The 40 MHz reference generator is also a weak point. It is not thermally stable enough for radiocommunication purposes. There are many ways to solve this problem. The circuit board layout makes it relatively easy to enter an external reference signal, there are a number of descriptions on the network of how to do this (EXAMPLE). However, in my opinion a more convenient method is to replace the original 100 ppm oscillator by a much more stable one, and I decided to go this way. Based on the experience of DG9BFC (search at qrz.com) I chose the oscillator ASVTX-13-C-40.000-I05-T (40 MHz, 1.8v, 0.5ppm). It is much smaller than the original (2 x 1.6mm). The exchange was quite troublesome. To desolder the old one, I used a piece of 1mm silver-plated wire curved in the shape of “U” to heat all 4 pads with a soldering iron simultaneously, removed the excess of tin, then gently put a new oscillator and soldered using the minimum amount of tin. You can also build or buy a ready-made board with the above-mentioned 0.5 ppm generator.
The way heat is removed from the Adalm-Pluto board has a great impact on stability. Leaving it in the original housing is not a good idea. There are various solutions: passive cooling using thermo-conductive silicone and a metal casing (DG9BFC), additional heat sinks or even cooling with a small fan. My solution is shown below.
The TX output may BE connected to the amplifier module from one of auction portals marked SPF5189Z. It gives a gain of 12db and works linearly up to 23dBm (200mW at the output). At the maximum output of the Pluto (Drive 100%), a signal with 15dBm (over 30mW) is obtained at 2.4 GHz. A little too little … The previously working in this place broadband amplifier module (marked 5-6000 MHz) admittedly had a gain of 18dB, but worked linearly only up to 13 dBm at the output.
In the housing (apart from the MHz amplifier) I also put a circuit to power the satellite converter. To avoid an additional 12V voltage, I used up-converter from 5V to 12V. You can find many solutions for such converters. In my case I found an evaluation board with the TPS61085 chip. By the way, I installed a switch that allows increasing the ouput and converter supply voltage to 18V, so I can easily change its polarization to type H to receive a signal from a broadband transponder. The current consumption of the 5V step-up converter is approx. 70 mA regardless of the output voltage. This voltage was applied to the F-type socket through a 10uH inductor, and the RX signal from the board through separating capacitors 15pF || 10nF.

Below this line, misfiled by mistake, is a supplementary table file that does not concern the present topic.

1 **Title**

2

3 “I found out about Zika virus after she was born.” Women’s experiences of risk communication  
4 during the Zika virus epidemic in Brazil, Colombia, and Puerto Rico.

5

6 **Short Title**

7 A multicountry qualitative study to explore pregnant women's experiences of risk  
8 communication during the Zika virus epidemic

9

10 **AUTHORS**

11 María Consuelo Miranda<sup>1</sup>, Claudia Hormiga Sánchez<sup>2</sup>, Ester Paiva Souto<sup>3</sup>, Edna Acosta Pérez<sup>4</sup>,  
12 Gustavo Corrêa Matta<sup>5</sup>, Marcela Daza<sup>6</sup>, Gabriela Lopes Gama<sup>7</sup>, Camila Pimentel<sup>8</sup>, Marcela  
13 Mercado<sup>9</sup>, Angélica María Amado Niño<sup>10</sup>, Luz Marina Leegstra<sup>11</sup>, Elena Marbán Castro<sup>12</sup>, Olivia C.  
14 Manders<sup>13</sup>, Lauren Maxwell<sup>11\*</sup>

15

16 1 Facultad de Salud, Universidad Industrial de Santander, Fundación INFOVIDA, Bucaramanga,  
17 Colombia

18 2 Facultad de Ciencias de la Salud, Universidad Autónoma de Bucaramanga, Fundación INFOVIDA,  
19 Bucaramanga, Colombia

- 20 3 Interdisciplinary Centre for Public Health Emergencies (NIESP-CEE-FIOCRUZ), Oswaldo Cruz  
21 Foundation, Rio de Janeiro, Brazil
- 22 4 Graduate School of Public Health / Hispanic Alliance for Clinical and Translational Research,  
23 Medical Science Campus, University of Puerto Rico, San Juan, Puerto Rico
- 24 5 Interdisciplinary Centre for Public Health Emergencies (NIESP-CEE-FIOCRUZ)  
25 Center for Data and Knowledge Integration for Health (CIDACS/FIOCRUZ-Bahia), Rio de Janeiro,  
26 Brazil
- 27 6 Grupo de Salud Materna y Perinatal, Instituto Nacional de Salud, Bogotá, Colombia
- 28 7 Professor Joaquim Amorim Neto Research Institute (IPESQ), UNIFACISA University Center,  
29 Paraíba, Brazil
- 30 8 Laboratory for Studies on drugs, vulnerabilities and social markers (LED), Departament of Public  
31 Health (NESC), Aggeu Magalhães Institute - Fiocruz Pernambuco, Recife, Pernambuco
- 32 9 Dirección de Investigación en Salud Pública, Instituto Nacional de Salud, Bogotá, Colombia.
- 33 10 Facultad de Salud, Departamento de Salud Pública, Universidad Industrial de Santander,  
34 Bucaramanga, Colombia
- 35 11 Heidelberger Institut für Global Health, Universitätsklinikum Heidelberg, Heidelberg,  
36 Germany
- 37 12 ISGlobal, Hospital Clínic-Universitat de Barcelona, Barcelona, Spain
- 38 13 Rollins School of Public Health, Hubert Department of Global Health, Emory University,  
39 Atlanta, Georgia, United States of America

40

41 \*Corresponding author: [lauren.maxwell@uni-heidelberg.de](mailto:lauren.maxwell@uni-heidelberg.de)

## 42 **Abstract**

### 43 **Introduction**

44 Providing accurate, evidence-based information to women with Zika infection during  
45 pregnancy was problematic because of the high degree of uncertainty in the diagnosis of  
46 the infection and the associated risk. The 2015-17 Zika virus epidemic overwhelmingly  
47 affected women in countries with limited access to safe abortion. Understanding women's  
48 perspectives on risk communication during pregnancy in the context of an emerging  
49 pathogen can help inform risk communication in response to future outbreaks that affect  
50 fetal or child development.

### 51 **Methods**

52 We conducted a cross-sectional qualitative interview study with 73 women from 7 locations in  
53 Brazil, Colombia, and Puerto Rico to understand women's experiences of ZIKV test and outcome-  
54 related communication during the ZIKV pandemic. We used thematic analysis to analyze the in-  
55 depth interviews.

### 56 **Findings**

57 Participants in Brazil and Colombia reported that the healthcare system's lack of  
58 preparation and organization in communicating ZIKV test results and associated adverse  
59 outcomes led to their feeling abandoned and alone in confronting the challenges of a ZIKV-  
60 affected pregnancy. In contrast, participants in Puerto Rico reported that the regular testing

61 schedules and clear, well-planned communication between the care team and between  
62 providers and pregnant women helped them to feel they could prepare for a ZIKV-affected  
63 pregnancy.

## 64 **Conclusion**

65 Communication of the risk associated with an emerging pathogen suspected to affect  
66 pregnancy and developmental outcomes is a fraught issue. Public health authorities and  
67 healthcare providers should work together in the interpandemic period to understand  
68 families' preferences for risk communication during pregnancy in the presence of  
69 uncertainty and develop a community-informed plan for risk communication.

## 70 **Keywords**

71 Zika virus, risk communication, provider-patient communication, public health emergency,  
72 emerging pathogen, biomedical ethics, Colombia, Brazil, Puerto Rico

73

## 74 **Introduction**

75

Four heatsinks and an aluminum housing should help in dissipating heat and stabilizing the temperature of the plate. To improve air circulation, I work with the top cover removed, and I made a number of holes under the board in the housing. Within 15 minutes of turning on the supply, the frequency of transmitting at 2.4 GHz increases by 240 Hz (with the temperature of the board rising by 6.6 degrees), in the next 15 minutes the frequency changes by only 40 Hz, which is acceptable. After closing the housing it was much worse – the frequency changes of the transmitter were bothersome. The power supply through the mini-USB socket from the computer turned out to be insufficient, the voltage instead of 5V could drop to even 4.3V, that’s why I used the second mini-USB socket and connected it with a USB charger with a stable output voltage of 5V. The appearance of the set without the top cover at the workplace is shown below-left.
Finally I decided to install a small 5V fan, 30 x 30 x 6 mm on the bottom of the top cover, which radically solved the problem – the frequency of transmission is stable shortly from the moment when power is turned on.
– if you are listening to Es’Hail 2 (QO-100) there is no reason to use a 3 MHz bandwidth on a narrowband transponder. Narrower bands, such as 550 kHz or 1.5 MHz, have correspondingly lower USB data transfers, which reduces the problems caused by the USB interface in Pluto,